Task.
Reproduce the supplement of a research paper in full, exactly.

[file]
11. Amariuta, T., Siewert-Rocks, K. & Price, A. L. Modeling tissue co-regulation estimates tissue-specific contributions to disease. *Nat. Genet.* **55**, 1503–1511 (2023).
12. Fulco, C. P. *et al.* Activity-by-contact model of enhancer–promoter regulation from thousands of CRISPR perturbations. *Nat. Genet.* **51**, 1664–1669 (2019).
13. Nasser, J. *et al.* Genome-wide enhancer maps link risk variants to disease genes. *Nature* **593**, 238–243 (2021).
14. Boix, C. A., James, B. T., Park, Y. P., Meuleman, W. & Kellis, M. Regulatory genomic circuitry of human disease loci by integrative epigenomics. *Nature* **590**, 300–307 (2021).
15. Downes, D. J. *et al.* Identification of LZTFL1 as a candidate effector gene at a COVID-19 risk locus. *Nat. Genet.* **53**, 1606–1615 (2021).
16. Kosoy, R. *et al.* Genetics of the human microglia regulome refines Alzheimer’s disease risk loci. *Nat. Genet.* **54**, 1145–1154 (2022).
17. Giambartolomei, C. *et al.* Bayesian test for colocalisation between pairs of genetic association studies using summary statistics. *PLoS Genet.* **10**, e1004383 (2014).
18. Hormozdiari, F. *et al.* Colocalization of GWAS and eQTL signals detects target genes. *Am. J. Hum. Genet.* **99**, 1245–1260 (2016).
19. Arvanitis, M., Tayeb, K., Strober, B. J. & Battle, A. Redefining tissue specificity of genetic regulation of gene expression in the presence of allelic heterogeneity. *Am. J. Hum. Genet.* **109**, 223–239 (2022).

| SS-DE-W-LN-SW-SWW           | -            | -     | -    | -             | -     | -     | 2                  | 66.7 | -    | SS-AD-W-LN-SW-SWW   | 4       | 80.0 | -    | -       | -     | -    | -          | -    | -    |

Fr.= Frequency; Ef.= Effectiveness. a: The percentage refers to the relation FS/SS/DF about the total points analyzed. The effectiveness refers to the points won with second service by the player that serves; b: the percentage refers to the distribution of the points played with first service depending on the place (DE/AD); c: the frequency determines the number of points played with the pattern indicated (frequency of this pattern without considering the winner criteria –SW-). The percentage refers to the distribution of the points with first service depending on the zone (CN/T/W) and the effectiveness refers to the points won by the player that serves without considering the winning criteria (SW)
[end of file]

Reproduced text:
11. Amariuta, T., Siewert-Rocks, K. & Price, A. L. Modeling tissue co-regulation estimates tissue-specific contributions to disease. *Nat. Genet.* **55**, 1503–1511 (2023).
12. Fulco, C. P. *et al.* Activity-by-contact model of enhancer–promoter regulation from thousands of CRISPR perturbations. *Nat. Genet.* **51**, 1664–1669 (2019).
13. Nasser, J. *et al.* Genome-wide enhancer maps link risk variants to disease genes. *Nature* **593**, 238–243 (2021).
14. Boix, C. A., James, B. T., Park, Y. P., Meuleman, W. & Kellis, M. Regulatory genomic circuitry of human disease loci by integrative epigenomics. *Nature* **590**, 300–307 (2021).
15. Downes, D. J. *et al.* Identification of LZTFL1 as a candidate effector gene at a COVID-19 risk locus. *Nat. Genet.* **53**, 1606–1615 (2021).
16. Kosoy, R. *et al.* Genetics of the human microglia regulome refines Alzheimer’s disease risk loci. *Nat. Genet.* **54**, 1145–1154 (2022).
17. Giambartolomei, C. *et al.* Bayesian test for colocalisation between pairs of genetic association studies using summary statistics. *PLoS Genet.* **10**, e1004383 (2014).
18. Hormozdiari, F. *et al.* Colocalization of GWAS and eQTL signals detects target genes. *Am. J. Hum. Genet.* **99**, 1245–1260 (2016).
19. Arvanitis, M., Tayeb, K., Strober, B. J. & Battle, A. Redefining tissue specificity of genetic regulation of gene expression in the presence of allelic heterogeneity. *Am. J. Hum. Genet.* **109**, 223–239 (2022).

| SS-DE-W-LN-SW-SWW           | -            | -     | -    | -             | -     | -     | 2                  | 66.7 | -    | SS-AD-W-LN-SW-SWW   | 4       | 80.0 | -    | -       | -     | -    | -          | -    | -    |

Fr.= Frequency; Ef.= Effectiveness. a: The percentage refers to the relation FS/SS/DF about the total points analyzed. The effectiveness refers to the points won with second service by the player that serves; b: the percentage refers to the distribution of the points played with first service depending on the place (DE/AD); c: the frequency determines the number of points played with the pattern indicated (frequency of this pattern without considering the winner criteria –SW-). The percentage refers to the distribution of the points with first service depending on the zone (CN/T/W) and the effectiveness refers to the points won by the player that serves without considering the winning criteria (SW)